Many times this “injustice” comes in the form of unmet expectations. Most of the unspoken expectations we have created in our hearts and minds seem so reasonable that they don’t even need to be discussed. But, when those expectations are ignored or dismissed, our first emotional reaction is often anger. And how we express that anger can make all the difference – from repairing a relationship to landing in jail.
Anger is an energy-producing emotion that can push us in healthy or unhealthy directions. The healthy expression of anger always gives the source of our anger the benefit of the doubt. And so, when confronting an individual who has unintentionally or deliberately stepped on our expectations, we first seek out his or her perspective on what happened. Then, in that context, (that might clarify some things for us), we tell the other person how his or her words/actions impacted us—and what we should do to address or rectify what happened.
If that person will not budge, we resist the temptation to take matters into our own hands (which is revenge), and continue to seek resolution with appropriate accountability (which is biblical justice). In the New Testament, we’re told to “be angry—but not to sin in our anger.” There’s no need to be a spewer, stuffer, or leaker when it comes to expressing our anger—instead, we can use this dynamic emotion assertively in redemptive ways.
Watch now: An Angry Heart
According to Brene Brown, social researcher and author, “Shame is the intensely painful feeling or experience of believing that we are flawed and therefore unworthy of love and belonging.” Shame says you’re unacceptable, unlovable, and unworthy.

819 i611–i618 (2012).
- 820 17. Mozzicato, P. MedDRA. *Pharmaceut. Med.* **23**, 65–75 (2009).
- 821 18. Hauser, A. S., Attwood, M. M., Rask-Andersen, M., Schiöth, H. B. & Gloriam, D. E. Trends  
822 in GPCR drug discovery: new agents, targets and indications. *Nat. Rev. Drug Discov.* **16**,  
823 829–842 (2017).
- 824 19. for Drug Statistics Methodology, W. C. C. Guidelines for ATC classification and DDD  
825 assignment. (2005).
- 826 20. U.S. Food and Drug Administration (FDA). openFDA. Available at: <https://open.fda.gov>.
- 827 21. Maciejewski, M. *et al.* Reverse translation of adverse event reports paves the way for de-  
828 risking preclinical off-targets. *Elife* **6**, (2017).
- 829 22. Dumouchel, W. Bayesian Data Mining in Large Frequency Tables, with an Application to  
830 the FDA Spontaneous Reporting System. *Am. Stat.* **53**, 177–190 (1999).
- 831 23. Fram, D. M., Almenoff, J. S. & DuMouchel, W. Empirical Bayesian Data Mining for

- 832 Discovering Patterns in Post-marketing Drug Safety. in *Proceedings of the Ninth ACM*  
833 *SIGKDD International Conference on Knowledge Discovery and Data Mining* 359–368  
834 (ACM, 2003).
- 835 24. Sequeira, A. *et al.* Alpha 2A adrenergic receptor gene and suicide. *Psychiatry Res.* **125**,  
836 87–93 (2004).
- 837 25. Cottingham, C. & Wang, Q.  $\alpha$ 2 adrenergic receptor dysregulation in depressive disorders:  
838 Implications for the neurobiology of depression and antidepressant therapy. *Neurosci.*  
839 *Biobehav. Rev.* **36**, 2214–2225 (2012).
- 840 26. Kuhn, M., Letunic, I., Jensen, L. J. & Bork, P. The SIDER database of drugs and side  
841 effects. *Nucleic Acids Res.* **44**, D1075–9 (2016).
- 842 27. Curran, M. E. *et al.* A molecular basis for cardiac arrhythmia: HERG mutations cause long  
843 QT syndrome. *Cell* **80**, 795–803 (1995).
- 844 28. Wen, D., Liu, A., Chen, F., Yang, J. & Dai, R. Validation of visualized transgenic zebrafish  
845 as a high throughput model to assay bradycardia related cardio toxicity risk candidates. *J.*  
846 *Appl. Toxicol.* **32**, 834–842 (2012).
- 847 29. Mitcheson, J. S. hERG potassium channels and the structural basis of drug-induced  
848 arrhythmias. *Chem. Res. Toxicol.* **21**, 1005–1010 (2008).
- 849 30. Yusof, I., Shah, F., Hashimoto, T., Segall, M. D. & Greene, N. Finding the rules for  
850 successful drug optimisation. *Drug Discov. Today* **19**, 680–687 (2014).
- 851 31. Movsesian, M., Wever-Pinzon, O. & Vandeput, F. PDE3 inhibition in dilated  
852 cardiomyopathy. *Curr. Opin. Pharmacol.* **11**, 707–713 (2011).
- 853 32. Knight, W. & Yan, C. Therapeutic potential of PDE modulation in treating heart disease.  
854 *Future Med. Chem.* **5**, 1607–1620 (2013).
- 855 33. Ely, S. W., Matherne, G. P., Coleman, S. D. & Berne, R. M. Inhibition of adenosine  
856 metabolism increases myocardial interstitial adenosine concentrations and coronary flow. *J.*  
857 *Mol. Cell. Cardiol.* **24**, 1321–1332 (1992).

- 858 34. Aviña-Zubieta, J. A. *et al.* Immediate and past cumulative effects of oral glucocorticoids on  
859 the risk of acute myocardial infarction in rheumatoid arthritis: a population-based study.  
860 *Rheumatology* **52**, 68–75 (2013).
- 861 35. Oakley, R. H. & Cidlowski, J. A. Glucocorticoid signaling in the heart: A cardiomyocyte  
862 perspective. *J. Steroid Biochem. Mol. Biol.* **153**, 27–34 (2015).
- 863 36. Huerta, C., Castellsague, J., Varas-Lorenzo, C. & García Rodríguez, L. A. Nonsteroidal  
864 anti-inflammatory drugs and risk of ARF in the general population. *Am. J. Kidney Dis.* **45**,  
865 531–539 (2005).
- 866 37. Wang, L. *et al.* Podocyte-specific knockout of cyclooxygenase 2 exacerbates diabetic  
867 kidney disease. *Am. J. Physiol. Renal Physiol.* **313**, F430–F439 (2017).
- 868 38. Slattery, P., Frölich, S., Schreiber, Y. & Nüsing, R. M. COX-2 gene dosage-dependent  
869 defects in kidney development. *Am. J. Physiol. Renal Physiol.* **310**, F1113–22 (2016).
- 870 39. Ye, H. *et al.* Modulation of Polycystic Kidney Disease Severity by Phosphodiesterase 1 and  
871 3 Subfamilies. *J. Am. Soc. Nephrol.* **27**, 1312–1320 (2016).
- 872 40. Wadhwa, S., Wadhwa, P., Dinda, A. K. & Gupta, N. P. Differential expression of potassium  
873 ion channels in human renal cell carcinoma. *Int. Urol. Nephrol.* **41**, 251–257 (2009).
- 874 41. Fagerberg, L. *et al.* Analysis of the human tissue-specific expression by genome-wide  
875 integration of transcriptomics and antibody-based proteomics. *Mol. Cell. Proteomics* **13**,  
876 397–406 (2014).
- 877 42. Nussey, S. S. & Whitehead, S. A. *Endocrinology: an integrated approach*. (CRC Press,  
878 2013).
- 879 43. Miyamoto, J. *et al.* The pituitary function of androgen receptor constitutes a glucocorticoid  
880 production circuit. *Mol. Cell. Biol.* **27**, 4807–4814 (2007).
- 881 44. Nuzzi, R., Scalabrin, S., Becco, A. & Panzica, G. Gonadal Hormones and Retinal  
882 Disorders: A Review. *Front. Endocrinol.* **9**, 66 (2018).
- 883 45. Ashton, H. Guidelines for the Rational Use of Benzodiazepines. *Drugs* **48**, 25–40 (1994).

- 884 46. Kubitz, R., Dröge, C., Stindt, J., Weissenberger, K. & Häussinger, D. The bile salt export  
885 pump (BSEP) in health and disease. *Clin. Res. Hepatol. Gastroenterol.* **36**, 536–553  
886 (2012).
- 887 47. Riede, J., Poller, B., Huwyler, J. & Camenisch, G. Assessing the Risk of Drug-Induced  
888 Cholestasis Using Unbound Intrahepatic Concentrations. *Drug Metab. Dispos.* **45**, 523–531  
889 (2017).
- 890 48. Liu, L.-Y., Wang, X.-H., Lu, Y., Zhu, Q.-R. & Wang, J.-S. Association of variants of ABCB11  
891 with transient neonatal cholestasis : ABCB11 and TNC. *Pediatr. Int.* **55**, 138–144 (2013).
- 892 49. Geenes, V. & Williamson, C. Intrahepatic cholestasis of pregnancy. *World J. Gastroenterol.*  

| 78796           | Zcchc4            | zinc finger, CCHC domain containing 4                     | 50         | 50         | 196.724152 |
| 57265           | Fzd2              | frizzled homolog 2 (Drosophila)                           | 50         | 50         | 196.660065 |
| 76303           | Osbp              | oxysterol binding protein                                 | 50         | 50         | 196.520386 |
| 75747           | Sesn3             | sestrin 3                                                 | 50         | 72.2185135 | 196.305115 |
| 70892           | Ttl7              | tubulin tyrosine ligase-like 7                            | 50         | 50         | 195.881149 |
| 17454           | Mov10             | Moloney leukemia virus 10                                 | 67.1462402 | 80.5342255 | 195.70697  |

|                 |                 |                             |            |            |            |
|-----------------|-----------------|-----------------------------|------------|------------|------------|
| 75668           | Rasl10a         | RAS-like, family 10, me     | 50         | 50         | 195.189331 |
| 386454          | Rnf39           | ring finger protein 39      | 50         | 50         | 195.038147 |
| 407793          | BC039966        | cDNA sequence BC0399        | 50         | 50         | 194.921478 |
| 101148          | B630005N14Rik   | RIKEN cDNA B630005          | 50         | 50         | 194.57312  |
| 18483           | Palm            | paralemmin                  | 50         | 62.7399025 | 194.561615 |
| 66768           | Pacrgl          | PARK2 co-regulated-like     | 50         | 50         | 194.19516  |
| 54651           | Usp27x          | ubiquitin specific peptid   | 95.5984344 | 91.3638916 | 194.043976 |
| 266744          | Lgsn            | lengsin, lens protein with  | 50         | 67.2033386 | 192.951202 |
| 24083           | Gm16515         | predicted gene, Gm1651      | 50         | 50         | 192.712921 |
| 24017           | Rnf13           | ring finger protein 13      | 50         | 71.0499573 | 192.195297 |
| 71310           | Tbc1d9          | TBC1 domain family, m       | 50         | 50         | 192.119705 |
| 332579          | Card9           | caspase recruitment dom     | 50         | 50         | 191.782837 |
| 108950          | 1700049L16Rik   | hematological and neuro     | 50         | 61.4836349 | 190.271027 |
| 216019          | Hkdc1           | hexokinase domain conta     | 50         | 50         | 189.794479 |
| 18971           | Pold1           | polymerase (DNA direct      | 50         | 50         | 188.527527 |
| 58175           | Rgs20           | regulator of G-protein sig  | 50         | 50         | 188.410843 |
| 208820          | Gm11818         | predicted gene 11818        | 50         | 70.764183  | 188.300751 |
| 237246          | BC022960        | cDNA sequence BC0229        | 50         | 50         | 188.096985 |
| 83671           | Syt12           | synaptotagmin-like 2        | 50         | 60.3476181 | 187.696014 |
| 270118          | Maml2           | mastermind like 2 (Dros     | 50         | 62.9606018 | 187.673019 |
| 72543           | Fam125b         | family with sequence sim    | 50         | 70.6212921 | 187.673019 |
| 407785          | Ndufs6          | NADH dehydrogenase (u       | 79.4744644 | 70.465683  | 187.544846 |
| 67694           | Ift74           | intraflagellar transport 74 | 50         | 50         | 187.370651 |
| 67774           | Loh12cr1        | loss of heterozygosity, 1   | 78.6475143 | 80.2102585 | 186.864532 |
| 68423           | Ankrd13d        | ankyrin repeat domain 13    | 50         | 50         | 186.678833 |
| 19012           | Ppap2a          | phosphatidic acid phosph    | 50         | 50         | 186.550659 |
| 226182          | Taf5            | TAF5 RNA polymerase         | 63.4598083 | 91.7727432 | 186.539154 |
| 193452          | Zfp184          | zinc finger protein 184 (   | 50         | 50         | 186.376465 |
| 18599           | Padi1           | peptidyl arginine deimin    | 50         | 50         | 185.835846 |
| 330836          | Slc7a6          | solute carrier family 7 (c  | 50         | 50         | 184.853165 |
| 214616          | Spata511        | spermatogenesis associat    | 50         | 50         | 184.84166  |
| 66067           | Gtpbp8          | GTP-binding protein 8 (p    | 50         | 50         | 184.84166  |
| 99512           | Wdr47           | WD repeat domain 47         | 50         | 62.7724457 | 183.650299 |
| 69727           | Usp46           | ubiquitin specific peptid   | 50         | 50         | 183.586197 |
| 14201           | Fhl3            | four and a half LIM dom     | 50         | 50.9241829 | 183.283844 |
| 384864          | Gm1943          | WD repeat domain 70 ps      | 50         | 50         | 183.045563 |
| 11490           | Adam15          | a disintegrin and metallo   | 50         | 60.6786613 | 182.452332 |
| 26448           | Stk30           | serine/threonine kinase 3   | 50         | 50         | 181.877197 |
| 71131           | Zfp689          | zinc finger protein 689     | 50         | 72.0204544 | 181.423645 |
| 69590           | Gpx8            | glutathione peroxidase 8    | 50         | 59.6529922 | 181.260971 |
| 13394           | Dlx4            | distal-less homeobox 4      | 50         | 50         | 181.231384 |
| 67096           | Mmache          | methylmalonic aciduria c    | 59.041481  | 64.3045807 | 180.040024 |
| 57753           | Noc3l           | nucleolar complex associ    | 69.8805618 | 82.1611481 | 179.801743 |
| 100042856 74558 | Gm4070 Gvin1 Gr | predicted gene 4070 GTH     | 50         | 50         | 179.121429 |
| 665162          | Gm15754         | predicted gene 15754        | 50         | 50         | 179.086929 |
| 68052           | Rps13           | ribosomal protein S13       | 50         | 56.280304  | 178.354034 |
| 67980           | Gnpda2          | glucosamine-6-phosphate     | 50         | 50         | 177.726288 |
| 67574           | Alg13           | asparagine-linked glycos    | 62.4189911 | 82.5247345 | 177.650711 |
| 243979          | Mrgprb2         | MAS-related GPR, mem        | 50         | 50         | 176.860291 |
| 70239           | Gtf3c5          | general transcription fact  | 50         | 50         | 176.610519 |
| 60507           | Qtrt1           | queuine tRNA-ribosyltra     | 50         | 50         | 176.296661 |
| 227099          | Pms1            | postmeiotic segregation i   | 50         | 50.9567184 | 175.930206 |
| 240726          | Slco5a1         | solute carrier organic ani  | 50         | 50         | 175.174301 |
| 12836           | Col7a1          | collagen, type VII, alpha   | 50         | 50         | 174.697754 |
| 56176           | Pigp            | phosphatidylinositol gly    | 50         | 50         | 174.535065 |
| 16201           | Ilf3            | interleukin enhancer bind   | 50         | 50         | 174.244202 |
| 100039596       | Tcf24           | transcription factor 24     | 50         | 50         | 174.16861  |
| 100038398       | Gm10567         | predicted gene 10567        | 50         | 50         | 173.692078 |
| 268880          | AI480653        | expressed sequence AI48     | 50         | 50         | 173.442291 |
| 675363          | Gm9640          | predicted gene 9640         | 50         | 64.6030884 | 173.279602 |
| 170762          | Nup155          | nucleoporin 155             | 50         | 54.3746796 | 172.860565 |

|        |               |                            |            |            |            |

There is big difference between shame and guilt: the focus of guilt is behavior; the focus of shame is identity; guilt says “I made a mistake,” shame says “I am a mistake”; guilt says “I did something bad,” shame says, “I am something bad.”
Legitimate guilt is a healthy emotion when it signals to us that we’ve unintentionally or deliberately disobeyed God—and we need to own up to the damage that our destructive words and actions caused. Wrestling with a vague sense of guilt that we can’t tie into any specific words or behaviors is a version of shame that has no redemptive value.
Legitimate guilt does not have to last more than 15 minutes. Once we’ve become aware that we’ve been rationalizing our unhealthy behaviors, we confess those sins to God, look to Him for mercy, and receive His forgiveness. However, when guilt is allowed to linger without acknowledging our specific misdeeds, then this emotion often turns in the shame, and can begin to eat away at us.
There’s a verse in the New Testament that says something like, “confess your sins to one another, and you will be healed.” This means that we tell someone we trust that we’ve crossed some moral line, that we need to own up to it, and perhaps make amends or restitution (even if it’s only symbolic). Once we’ve done this, then guilt has served its purpose, and should begin to fade away—even if, sometime in the future, we remember what we did.
Sorrow is the feeling of deep distress caused by loss, disappointment, or other suffering.
It is that feeling of sadness that comes when there is loss: losing a loved one to death or watching a prodigal child wonder. It could be the loss of not being able to tuck a child in to bed at night because of divorce. Sadness comes when a season of our life comes to a close whether that is saying goodbye to a job we have loved, or sending our children to college knowing that they will never need us the same way again. Sorrow comes when we have such high expectations for something in the future and then it never happens. Sadness comes when someone we love disappoints.
Here is some important things to keep in mind when we’re facing a significant loss.
1. Grief & sorrow are real emotions that need to be fully embraced. When you minimize the losses you’ve experienced, it magnifies your pain. Better to face the discomfort head on that to try to convince yourself that what you’re experiencing is really no big deal.
2. The bitter fruit of sorrow is needed for a balanced perspective in life. There are some things we simply will never grasp until we experience deep periods of grief.
3. God heals the wounds of a broken heart. While grieving may last for a season, God wants us to move toward healing.
Let’s always keep this mind, especially during times of deep sadness …
Joy will return. Once a loss is fully grieved, it loses its power over us. When we reach the point of acceptance and healthy resignation, it no longer matters if we remember what happened.